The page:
Along come Nicholas O. Stephanopoulos, a law professor at the University of Chicago Law School, and Eric M. McGhee, a political scientist at the Public Policy Institute of California. The theoretical contribution of Stephanopoulos and McGhee has played an important role throughout the Wisconsin districting challenge that gave rise to the Whitford case. Stephanopoulis and McGhee describe their methodology in considerable detail in an article titled Partisan Gerrymandering and the Efficiency Gap, published in the University of Chicago Law Review, and available here. The authors' proposed "Efficiency Gap ("EG")" measures "the difference between the parties' respective wasted votes, divided by the total number of votes cast in the election." Id. at 851. (The actual formula: "Efficiency Gap=Seat Margin - (2 x Vote Margin).") Id. at 853. The EG approximates the difference between the percentage of wasted votes for the advantaged versus disadvantaged party as reflected in the difference in gained seats, while acknowledging what the authors refer to as the "winner's bonus." This bonus reflects winner-take-all districted elections; a party needs just over half the votes to gain the next marginal seat.

The EG has quirks, largely attributable to geographical districting. Take, for example, a five-district state, with three Republican and two Democratic districts, and with a 60/40 ratio of Republican to Democratic voters. EG measures a 10 percent distortion (60-50)-(2x(60-50))=-10 even though the result is precisely proportional. To remove the distortion, the Republicans would have to hold 70% of the seats, even though that would undermine proportionality, giving 70% Republican seats for 60% votes (as would be possible by doubling the districts to ten).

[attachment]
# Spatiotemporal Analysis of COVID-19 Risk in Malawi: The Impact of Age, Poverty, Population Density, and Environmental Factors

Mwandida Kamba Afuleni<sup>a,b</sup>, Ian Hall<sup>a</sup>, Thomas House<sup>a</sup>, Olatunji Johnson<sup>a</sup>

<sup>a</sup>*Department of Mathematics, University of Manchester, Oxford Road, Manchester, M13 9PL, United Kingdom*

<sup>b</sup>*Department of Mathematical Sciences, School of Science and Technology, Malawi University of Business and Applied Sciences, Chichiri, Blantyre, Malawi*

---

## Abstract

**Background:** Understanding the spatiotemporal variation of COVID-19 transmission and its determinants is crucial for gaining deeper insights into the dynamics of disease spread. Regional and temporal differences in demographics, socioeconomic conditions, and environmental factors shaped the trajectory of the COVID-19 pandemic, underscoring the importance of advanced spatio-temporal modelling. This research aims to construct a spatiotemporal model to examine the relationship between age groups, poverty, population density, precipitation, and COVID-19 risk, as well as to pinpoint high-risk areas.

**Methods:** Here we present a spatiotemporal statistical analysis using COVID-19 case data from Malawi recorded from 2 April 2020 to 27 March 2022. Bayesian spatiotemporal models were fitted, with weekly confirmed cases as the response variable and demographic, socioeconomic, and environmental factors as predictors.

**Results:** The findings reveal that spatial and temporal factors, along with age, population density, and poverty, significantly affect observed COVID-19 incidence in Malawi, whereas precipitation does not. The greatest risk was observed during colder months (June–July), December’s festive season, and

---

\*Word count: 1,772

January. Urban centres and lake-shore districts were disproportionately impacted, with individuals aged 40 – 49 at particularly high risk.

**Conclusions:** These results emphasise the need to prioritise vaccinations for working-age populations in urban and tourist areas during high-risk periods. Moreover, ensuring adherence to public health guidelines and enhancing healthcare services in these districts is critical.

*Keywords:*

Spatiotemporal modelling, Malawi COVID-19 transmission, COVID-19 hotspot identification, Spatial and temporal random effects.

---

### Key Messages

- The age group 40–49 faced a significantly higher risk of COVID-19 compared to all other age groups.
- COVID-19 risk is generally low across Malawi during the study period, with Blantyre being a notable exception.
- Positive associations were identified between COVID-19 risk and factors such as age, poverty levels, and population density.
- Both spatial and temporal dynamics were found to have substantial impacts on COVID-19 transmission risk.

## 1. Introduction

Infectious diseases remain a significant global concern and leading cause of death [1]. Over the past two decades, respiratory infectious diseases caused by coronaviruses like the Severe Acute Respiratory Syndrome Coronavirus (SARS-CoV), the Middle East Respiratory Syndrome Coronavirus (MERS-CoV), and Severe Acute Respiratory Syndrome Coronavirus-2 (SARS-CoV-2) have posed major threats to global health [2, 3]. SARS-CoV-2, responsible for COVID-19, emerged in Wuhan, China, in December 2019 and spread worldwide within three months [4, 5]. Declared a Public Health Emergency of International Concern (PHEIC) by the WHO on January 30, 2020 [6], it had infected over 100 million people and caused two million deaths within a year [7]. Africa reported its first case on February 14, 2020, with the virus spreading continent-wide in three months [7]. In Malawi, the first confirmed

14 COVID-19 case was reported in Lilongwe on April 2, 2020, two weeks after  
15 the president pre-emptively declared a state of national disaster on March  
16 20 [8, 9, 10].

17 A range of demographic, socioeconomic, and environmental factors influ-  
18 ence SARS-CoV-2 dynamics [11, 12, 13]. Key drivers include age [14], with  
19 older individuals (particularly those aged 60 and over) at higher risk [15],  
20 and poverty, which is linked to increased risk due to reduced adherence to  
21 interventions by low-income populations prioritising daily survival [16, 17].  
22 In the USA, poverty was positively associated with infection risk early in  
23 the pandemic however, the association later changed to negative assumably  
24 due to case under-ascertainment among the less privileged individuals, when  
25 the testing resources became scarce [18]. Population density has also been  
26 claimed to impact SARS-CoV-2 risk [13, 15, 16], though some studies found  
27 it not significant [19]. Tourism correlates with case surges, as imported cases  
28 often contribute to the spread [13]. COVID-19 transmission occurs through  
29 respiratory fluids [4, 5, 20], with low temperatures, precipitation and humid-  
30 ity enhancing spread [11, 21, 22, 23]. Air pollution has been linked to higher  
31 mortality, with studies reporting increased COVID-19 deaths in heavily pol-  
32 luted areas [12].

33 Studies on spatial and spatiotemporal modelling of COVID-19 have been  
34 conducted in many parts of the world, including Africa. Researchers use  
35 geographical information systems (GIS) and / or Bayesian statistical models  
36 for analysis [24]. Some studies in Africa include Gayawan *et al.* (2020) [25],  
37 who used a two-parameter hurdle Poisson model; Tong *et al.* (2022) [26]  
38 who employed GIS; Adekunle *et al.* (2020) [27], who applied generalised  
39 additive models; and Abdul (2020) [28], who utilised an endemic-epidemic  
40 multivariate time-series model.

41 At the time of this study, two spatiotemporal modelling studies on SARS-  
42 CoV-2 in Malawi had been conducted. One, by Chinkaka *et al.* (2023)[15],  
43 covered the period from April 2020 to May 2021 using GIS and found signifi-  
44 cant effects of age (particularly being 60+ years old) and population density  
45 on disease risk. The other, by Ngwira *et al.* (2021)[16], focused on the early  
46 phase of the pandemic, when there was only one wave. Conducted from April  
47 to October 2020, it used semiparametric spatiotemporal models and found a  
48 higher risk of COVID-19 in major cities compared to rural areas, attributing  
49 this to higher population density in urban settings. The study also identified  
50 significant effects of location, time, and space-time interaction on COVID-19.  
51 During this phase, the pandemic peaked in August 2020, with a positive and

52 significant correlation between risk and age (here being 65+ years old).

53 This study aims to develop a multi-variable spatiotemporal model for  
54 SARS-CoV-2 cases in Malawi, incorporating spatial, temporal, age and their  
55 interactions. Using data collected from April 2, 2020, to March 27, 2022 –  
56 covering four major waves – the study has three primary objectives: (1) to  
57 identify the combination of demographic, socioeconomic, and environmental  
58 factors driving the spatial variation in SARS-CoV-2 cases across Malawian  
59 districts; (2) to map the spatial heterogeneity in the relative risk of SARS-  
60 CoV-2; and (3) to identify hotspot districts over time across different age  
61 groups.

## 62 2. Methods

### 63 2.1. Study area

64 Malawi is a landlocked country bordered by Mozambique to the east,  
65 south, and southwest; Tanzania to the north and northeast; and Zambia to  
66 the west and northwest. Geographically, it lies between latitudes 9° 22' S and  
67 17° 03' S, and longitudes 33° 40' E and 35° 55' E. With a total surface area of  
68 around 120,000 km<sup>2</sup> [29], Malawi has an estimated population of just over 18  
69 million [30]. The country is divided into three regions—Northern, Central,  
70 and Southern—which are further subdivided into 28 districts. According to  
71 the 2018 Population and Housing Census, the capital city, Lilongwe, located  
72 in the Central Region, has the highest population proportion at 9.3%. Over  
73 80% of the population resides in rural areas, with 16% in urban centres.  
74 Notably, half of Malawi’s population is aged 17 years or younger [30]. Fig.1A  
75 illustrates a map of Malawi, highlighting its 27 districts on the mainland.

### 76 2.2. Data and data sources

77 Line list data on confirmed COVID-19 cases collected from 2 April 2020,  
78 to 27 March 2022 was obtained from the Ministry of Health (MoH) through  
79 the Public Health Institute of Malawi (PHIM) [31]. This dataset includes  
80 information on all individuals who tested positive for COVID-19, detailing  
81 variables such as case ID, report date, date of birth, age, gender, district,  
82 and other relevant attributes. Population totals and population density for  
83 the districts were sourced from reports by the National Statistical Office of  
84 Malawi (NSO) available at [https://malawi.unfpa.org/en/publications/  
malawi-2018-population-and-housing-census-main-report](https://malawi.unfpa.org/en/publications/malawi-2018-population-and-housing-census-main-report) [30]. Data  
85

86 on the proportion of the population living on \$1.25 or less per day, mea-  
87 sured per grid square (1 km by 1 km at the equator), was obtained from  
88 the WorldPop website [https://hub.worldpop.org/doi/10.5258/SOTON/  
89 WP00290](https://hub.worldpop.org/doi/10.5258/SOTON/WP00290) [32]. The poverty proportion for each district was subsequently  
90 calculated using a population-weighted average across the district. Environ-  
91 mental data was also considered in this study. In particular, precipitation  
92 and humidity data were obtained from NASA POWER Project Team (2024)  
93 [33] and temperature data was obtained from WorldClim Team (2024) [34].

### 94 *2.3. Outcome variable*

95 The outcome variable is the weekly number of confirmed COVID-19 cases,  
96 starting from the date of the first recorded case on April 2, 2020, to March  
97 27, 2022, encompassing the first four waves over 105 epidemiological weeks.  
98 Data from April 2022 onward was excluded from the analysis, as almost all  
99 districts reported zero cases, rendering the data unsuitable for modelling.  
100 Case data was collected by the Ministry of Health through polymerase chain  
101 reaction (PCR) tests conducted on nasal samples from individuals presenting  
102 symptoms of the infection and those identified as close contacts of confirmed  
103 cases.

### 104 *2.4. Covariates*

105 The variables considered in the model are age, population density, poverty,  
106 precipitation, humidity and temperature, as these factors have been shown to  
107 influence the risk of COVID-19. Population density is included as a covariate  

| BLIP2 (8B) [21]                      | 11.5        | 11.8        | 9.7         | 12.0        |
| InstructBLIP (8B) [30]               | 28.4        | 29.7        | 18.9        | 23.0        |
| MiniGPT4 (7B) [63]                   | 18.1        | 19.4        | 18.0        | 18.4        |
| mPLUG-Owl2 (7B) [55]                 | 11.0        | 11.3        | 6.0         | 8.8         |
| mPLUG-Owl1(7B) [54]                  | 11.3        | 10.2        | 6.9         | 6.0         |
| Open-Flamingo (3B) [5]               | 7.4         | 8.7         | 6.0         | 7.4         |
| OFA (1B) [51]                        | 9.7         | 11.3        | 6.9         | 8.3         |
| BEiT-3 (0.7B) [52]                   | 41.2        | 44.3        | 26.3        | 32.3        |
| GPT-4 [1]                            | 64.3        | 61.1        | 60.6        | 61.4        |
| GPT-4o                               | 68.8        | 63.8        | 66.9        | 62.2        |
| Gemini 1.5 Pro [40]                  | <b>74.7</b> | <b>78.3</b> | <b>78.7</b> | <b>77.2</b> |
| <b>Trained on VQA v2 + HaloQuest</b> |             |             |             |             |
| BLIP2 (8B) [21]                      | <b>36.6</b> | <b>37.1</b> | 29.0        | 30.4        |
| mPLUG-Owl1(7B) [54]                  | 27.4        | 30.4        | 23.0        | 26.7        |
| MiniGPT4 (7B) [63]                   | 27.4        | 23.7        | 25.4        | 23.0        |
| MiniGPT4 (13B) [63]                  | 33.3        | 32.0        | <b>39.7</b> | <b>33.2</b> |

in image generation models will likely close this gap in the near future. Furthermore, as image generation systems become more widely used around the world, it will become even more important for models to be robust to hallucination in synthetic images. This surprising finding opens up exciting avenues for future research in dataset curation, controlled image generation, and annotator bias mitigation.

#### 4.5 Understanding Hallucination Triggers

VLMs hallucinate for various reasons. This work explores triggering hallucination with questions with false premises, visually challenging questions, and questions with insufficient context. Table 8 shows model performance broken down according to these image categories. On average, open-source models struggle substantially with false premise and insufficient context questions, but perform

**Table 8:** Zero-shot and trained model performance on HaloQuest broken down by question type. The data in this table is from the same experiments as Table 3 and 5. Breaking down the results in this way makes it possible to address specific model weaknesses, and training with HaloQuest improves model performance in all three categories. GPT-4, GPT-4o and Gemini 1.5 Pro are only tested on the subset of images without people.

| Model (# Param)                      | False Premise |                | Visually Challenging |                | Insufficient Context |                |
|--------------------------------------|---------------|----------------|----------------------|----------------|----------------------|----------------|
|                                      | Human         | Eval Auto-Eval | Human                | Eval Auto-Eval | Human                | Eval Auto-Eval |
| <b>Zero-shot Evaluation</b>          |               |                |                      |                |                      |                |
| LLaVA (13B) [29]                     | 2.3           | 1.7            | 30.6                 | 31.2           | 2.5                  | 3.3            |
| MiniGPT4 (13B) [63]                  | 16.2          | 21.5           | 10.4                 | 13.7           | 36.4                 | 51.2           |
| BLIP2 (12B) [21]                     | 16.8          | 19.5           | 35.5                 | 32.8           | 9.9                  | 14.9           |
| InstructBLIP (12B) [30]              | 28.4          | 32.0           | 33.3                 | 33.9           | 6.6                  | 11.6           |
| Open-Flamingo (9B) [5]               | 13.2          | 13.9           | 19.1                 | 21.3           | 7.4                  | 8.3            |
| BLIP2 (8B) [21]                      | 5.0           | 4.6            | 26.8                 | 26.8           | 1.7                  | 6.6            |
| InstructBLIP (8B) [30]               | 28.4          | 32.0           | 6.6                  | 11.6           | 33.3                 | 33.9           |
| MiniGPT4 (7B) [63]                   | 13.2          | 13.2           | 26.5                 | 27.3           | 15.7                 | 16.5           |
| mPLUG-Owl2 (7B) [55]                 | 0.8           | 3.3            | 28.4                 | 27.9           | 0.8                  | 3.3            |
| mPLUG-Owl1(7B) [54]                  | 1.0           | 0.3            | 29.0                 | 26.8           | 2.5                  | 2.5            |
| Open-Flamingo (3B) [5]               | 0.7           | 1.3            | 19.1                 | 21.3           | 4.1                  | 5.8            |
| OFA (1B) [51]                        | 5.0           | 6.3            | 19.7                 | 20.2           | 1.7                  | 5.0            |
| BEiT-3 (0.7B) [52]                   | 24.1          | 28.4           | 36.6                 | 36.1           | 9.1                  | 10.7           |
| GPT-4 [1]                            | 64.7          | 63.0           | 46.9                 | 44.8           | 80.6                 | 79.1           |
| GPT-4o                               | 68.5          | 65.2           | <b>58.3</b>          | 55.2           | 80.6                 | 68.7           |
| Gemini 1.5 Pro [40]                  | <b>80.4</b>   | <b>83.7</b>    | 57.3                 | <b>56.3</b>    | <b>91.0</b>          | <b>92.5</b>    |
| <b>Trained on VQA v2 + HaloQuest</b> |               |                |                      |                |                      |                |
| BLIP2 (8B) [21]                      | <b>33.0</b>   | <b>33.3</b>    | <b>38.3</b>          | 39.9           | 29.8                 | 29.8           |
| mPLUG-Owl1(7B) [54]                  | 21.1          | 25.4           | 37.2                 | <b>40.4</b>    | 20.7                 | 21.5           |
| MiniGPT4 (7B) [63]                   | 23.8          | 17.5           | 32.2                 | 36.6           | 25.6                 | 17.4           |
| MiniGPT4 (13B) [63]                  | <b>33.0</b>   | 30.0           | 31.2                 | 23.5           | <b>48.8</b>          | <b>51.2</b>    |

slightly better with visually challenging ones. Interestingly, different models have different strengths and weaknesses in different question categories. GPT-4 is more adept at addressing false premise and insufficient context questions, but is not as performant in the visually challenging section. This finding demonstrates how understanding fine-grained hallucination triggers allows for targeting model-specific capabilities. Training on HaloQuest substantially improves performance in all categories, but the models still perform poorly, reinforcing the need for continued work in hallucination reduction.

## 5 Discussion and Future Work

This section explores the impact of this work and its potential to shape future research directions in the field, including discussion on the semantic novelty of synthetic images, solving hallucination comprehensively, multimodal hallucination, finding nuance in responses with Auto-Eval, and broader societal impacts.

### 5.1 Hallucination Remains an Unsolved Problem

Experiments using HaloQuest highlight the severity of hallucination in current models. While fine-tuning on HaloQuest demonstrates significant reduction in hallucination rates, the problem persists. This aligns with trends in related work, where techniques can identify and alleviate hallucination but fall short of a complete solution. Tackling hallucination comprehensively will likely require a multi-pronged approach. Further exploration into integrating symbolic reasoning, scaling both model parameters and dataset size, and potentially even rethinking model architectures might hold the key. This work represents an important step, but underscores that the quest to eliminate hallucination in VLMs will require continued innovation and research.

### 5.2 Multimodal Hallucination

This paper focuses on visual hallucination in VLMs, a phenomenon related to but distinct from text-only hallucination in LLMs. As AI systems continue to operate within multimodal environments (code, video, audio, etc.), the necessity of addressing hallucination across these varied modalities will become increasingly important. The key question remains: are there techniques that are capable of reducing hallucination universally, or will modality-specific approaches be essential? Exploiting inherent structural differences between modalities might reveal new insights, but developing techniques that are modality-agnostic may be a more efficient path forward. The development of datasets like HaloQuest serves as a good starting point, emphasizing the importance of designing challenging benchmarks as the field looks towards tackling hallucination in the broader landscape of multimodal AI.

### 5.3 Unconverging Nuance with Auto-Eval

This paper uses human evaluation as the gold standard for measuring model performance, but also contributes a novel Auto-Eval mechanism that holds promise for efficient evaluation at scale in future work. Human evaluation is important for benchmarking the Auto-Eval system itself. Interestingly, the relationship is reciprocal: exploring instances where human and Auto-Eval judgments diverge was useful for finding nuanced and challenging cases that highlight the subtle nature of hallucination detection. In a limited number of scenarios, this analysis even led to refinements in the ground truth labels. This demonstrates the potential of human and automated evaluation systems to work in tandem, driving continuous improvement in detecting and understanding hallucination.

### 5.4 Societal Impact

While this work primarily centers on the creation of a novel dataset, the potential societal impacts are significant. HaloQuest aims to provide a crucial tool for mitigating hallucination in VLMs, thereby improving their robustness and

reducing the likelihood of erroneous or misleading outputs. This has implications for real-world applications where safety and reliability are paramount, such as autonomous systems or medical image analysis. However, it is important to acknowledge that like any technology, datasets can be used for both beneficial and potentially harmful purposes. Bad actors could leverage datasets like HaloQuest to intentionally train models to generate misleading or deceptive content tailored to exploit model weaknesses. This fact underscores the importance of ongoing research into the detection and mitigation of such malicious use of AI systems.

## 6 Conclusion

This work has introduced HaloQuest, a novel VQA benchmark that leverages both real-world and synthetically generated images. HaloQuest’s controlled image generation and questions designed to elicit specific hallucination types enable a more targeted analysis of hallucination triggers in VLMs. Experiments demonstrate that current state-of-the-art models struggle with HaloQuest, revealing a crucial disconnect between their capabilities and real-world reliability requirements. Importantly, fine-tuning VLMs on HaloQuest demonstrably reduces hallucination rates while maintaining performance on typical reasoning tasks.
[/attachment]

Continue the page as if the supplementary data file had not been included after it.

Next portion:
If the goal is to capture representational distortion based on per party votes cast, there are more intuitive approaches. We could, for example, directly compare the percentage of seats per party to the percentage of votes per party. Or, we could ask: assuming proportional party representation, as in parliamentary list voting, and given the per party votes cast, what would the outcome have been? The EG seems is a kind of analytical hybrid that seeks to capture something approximating these intuitions about voter distortion, while eschewing a direct measure of proportionality. Most likely this is owing to specific language in governing Supreme Court case law. In City of Mobile v. Bolden (1980), which involved an equal protection challenge to an at large municipal voting scheme in Mobile, Alabama, operating to the detriment of African American voters, the Supreme Court stated: "The Equal Protection Clause of the Fourteenth Amendment does not require proportional representation as an imperative of political organization." Perhaps to avoid claiming otherwise, Stephanopoulis and McGhee have advanced a less intuitive distortion proxy. Even so, Paul Smith, counsel for Appellee, had to defend against a claim of proportional representation at oral argument:

"CHIEF JUSTICE ROBERTS: And if you need a convenient label for that approach, you can call it proportional representation, which has never been accepted as a political principle in the history of this country.

"MR. SMITH: Your Honor, we are not arguing for proportional representation. We are arguing for partisan symmetry, a map which within rough bounds at least treats the two parties relatively equal in terms of their ability to translate votes into seats. That's -

"CHIEF JUSTICE ROBERTS: That sounds exactly like proportional representation to me."

See here (oral argument transcript from October 3, 2017).

If the Court accepts EG, it will further need to identify the percentage distortion that constitutes a constitutional violation. Assuming the Court does so, it would have a generally consistent, if imperfect, measure by which to compare the fairness of electoral mapping that would presumably motivate state legislatures to avoid violations by districting within the permissible error range.